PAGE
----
Menzel Is Marvelous in ‘If/Then’

Jewish Week Correspondent

Idina Menzel, whose most recent triumph is singing the Oscar-winning song “Let It Go,” in the Disney movie “Frozen,” has made a triumphant return to Broadway in the new musical “If/Then” at the Richard Rodgers Theater on West 46th Street.

Playing a single woman in the city, Menzel owns the role.

The Theater As ‘Alternative Synagogue’

The country’s stage is increasingly a ‘meeting place’ where Israelis grapple with issues of identity.

Special To The Jewish Week

When Yigal Even-Or’s incendiary play, “Fleischer,” opened in Israel in 1993, it was one of the first times that the Israeli stage had confronted the gap between the religious and secular in Israel. The play, which is about a married non-Orthodox couple whose butcher shop is boycotted by ultra-Orthodox Jews, became a flashpoint of controversy, prompting secular Jews in the audience to vent their hatred against what they viewed as ultra-Orthodox domination of the Israeli government and society.

Amnon Levi and Rami Danon’s “Sheindele,” about rival chasidic sects, performed by the Cameri Theater. Israel Haramati

Off-Broadway Israel Play Is Off

Editor and Publisher

Can a pro-Israel drama make it in New York these days?

One would think so, given the size and Zionist passion of the community and its love of theater.

But the producers of “A Tiny Piece Of Land,” a sympathetic portrait of a Gush Katif Jewish family’s struggle during Israel’s 2005 disengagement from Gaza, this week canceled the play’s scheduled upcoming engagement at the Beckett Theatre on 42nd Street due to lack of funding.

Andrea Dovner, left, Anat Gerber and Cliff Smith star in "A Tiny Piece of Land."

Putting A Face On Triangle Victims


It happened a century ago, but the terrible memories remain seared into our collective consciousness. The Triangle Shirtwaist Factory Fire on the Lower East Side, in which 146 Jewish and Italian garment workers died, was a defining event in the history of immigrant life — and death — in New York.

Gusta Johnson and Amanda Yachechak in scene from Barbara Kahn’s “Birds on Fire.”

Broadway’s Very Jewish Year

From Shylock to Sondheim, a rich year on the boards.

Special To The Jewish Week

In a year of great theater, both on and off Broadway, many of the most memorable performances were turned in by actors in Jewish plays. Herewith, in no particular order, are the Jewish Week’s top five Jewish plays of 2010, three of which are still running into 2011. 

‘The Merchant of Venice’

Al Pacino has three weeks left in his role as the Jewish moneylender Shylock in Shakespeare's "The Merchant of Venice."

New Theater Troupe Dark On Sabbath

Company called 24/6, first of its kind here, to focus on Jewish-themed plays.

Special To The Jewish Week

It may be largely a Jewish invention, but the theater in New York has never run on a Jewish schedule. Jewish theater artists have often had to choose between keeping the Sabbath and building a career on the stage, where weekend performances are not just the norm, but the box office bread and butter.

Now comes 24/6, the first theater company in New York that will not require its members to rehearse or perform on Friday nights and Saturday afternoons.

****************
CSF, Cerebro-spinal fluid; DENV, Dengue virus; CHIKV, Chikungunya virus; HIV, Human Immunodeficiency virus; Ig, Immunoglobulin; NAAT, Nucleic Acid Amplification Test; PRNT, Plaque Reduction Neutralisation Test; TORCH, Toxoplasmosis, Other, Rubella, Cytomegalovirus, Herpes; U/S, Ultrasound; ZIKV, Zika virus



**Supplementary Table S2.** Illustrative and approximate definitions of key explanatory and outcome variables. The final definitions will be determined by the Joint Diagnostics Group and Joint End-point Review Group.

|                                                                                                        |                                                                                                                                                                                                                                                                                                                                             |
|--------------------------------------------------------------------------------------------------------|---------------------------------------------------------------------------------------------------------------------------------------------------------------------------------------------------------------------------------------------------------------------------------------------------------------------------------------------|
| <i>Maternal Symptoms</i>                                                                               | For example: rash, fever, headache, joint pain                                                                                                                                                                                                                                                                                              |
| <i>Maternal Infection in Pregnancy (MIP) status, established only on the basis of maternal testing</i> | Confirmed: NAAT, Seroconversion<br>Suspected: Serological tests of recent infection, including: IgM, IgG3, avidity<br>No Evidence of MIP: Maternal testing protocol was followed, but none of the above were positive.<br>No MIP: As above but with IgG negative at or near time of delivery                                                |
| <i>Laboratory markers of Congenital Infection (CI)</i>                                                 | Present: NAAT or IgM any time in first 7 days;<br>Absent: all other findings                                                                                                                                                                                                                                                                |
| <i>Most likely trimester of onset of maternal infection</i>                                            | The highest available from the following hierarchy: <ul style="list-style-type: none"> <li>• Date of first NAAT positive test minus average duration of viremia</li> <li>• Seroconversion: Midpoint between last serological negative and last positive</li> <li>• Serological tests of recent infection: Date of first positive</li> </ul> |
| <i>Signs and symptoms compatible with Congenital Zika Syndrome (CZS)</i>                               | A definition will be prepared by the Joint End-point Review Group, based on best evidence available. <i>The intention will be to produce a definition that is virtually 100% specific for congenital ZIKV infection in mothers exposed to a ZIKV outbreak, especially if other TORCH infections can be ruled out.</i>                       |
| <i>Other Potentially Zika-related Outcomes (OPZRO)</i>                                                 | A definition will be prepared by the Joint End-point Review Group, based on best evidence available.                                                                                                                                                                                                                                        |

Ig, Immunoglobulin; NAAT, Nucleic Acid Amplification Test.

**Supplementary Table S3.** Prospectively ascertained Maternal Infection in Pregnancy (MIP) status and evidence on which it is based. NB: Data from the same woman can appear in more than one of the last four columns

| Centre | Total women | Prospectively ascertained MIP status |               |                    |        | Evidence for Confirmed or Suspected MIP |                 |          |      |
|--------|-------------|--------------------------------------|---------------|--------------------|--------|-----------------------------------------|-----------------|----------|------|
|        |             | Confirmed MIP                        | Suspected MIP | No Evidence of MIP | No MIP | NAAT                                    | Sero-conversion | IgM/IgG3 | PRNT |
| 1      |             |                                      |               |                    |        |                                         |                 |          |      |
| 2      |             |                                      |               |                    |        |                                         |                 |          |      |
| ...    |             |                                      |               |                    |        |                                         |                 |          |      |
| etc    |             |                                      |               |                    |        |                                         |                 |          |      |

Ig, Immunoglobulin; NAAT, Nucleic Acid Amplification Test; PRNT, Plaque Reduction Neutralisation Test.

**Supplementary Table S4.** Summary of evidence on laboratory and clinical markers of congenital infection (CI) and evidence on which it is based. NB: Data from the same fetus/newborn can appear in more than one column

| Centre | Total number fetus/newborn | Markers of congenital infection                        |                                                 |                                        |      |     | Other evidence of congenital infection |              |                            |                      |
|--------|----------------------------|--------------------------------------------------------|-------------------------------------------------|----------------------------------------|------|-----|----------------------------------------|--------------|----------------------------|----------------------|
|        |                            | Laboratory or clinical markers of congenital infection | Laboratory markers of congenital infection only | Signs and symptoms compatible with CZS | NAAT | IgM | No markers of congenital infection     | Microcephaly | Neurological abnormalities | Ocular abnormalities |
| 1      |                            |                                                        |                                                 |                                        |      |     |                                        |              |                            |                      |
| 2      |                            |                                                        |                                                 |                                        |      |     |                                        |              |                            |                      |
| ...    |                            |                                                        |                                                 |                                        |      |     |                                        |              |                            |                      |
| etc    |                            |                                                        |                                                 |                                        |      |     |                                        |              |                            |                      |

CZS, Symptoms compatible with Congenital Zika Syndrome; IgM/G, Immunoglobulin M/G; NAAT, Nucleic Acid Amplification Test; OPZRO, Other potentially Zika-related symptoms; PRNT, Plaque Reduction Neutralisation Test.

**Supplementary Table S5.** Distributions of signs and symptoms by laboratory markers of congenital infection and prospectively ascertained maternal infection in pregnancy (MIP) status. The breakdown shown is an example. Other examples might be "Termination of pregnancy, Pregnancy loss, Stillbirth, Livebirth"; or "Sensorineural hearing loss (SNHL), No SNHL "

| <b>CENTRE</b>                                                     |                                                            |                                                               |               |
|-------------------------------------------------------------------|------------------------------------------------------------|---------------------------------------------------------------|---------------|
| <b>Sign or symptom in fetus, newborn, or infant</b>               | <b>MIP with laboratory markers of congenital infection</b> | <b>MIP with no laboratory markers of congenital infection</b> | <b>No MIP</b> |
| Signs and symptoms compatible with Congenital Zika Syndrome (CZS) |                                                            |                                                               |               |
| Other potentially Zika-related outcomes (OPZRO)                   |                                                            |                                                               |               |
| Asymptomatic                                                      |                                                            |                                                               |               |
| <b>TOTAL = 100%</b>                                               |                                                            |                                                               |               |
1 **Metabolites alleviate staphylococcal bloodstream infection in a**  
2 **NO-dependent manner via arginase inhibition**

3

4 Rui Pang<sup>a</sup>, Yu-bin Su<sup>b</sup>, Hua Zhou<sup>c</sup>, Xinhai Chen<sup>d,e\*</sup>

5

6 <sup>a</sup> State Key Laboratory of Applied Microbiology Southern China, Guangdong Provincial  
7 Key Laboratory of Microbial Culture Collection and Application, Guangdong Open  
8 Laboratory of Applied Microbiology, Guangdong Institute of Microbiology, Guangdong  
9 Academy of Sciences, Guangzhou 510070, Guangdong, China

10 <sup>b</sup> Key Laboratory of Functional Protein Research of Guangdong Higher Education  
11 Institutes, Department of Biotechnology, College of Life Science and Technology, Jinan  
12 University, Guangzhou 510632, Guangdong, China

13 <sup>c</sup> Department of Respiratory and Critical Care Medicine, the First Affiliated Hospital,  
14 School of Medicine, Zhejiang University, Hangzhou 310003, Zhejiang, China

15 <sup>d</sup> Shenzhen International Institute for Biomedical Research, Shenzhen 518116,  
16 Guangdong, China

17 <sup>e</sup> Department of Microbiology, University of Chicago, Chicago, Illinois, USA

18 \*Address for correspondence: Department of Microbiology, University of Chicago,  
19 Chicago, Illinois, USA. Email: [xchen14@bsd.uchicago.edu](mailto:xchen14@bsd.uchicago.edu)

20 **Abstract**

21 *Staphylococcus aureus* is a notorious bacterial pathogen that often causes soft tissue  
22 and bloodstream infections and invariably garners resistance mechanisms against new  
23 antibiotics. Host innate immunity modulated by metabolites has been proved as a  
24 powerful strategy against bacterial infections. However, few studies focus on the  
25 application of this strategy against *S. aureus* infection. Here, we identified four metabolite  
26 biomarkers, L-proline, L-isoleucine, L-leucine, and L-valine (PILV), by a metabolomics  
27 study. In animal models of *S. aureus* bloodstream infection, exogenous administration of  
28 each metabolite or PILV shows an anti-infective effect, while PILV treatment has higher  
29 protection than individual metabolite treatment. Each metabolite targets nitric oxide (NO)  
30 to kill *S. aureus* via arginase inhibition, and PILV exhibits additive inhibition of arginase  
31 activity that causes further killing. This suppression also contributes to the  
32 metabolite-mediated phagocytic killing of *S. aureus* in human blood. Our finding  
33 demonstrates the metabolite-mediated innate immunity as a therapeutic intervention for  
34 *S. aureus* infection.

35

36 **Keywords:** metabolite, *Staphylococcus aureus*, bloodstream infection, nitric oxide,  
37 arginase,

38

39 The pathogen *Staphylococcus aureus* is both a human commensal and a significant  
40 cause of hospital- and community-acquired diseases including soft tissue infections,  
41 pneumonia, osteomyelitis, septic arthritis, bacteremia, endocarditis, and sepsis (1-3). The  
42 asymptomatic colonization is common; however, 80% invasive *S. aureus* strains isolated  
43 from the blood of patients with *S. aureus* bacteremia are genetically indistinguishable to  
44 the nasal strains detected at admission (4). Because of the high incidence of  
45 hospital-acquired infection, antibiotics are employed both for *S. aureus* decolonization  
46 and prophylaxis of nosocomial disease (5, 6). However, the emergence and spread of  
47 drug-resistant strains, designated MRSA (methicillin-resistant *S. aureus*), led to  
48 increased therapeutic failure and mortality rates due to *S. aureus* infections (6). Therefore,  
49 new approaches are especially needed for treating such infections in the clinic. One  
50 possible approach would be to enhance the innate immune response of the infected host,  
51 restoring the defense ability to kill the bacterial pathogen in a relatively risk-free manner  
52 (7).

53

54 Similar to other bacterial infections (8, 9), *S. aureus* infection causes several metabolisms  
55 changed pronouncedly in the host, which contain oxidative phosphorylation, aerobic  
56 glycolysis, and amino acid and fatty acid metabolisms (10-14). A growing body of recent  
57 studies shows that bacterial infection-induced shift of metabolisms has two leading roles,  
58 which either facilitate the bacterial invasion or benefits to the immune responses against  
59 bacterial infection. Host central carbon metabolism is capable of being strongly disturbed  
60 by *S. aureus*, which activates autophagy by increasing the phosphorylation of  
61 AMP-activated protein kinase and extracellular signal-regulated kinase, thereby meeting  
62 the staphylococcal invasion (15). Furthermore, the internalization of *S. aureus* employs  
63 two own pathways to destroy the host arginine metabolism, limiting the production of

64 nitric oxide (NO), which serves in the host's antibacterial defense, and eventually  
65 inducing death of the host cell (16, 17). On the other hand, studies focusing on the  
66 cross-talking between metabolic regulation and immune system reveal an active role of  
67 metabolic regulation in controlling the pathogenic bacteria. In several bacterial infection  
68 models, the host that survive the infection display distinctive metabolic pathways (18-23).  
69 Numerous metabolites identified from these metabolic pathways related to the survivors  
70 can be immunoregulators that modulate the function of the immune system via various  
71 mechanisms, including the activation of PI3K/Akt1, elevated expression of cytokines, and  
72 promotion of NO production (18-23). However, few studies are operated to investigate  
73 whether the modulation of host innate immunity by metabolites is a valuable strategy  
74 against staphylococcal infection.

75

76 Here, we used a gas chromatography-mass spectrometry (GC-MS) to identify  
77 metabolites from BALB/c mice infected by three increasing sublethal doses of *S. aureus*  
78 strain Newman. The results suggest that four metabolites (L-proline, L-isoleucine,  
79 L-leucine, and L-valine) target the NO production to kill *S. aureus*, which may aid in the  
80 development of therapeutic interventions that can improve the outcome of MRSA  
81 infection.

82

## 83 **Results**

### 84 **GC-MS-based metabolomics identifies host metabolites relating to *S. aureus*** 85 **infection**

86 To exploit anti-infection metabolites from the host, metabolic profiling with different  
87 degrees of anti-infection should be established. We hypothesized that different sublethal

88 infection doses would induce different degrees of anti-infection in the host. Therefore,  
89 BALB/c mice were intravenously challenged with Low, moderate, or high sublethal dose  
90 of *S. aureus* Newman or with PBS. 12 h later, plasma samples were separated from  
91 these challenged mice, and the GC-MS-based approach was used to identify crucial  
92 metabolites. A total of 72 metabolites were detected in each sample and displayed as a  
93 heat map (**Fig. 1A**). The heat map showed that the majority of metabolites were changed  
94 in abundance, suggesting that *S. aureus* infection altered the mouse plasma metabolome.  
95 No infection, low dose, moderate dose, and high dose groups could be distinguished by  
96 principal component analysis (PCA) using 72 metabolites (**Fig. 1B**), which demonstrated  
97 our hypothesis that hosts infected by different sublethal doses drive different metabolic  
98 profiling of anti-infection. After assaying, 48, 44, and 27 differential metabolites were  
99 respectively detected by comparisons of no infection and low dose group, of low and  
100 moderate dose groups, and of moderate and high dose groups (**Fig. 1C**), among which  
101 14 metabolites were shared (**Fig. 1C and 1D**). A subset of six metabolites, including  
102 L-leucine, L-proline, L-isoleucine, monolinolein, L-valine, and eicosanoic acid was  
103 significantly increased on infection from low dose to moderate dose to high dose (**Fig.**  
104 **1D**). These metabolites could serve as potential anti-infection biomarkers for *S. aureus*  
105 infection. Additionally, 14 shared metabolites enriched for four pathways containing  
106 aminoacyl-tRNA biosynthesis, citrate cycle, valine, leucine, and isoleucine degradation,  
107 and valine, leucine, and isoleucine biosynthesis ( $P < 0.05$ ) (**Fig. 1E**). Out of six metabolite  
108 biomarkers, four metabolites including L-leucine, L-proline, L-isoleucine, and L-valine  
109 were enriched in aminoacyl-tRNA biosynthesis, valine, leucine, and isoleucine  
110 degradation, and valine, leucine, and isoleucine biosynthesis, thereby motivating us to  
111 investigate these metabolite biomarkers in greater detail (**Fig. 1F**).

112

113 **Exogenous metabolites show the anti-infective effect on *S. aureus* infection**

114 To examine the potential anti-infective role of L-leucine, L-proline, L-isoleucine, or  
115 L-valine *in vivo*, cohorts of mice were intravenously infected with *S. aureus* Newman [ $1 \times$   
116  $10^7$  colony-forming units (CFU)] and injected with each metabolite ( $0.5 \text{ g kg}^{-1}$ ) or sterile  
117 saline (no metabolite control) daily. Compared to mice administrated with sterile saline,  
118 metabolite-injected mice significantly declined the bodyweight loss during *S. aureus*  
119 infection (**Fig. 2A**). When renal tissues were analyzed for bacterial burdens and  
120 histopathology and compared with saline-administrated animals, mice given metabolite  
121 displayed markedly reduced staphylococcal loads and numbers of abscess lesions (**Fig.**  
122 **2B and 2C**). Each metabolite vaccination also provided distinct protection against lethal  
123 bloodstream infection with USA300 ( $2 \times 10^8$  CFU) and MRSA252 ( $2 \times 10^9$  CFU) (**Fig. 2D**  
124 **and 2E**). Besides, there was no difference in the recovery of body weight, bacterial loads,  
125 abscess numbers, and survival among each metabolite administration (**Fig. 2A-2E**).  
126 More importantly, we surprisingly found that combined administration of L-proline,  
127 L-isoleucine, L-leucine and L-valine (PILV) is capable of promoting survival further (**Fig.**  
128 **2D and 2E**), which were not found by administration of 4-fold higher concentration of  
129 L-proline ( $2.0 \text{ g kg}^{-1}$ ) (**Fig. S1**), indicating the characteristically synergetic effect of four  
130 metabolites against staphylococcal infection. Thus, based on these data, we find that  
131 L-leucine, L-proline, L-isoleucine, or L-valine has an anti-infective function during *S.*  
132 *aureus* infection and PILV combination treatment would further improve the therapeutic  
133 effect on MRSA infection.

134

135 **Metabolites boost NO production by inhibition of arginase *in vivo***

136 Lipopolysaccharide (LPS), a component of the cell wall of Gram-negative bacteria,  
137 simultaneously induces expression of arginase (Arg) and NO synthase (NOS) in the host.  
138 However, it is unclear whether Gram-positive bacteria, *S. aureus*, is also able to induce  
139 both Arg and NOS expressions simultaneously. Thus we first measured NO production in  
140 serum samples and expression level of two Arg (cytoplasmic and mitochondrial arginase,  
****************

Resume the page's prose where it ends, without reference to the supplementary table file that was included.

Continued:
The 24/6 team: Yoni Oppenheim, Jesse Freedman and Avi Soroka.

Can Bad Dates Make Good Theater?

Four women writers turn their adventures in singledom into Off-Broadway plays.

Special To The Jewish Week

On the Off-Broadway stage these days, the date’s the thing. The Jewish date, that is.

In a quirk of theater programming (and perhaps a collective indictment of the Jewish singles scene, or at least Jewish men), no fewer than four plays of late — all by Jewish women — mine the dating lives of their authors. And they expose some of raw nerves that make dating such a sensitive proposition these days: the pull and peril of online dating, the obstacle posed by religious differences and the thorny issue of Jewish identity.

Rachel Evans, below, “Jew Wish”

David Mamet: Before He Was Conservative, He Was Jewish. Discuss.

Now that he is an established potentate of American theater, David Mamet has had no trouble saying what he really thinks.  Jews may remember his 2002 essay in The Forward, where he lambasted Jews for over-sympathizing with Palestinians.  They will probably remember better his 2006 book, "The Wicked Son: Anti-Semitism, Jewish Self-Hatred and the Jews," where he took it further, arguing that liberal Jewish antagonism toward Israel was simple self-hate.

Solidarity On Stage

Staff Writer
Story Includes Video: 
When Yeshivah of Flatbush High School students take the stage on Dec. 28 to perform “Noah! Ride The Wave,” they will be embracing the concept of giving chizuk, or strength, on two levels. The musical was produced by women in West Bank settlements as an emotional outlet following years of terror attacks that began in 2000 following the collapse of negotiations with the Palestinians.

Dreyfus Redux

Special To The Jewish Week
When Karl Marx pointed out that history always repeats itself, “the first time as tragedy, the second time as farce,” he was clearly not talking about Jewish history, in which the second time is often even more tragic than the first. Such, at least, is one of the major lessons of “Dreyfus in Rehearsal,” a 1970s play written by Jean-Claude Grumberg and adapted by Garson Kanin, which is being revived this week at the Beckett Theatre to kick off a yearlong celebration of Kanin’s dramatic works.
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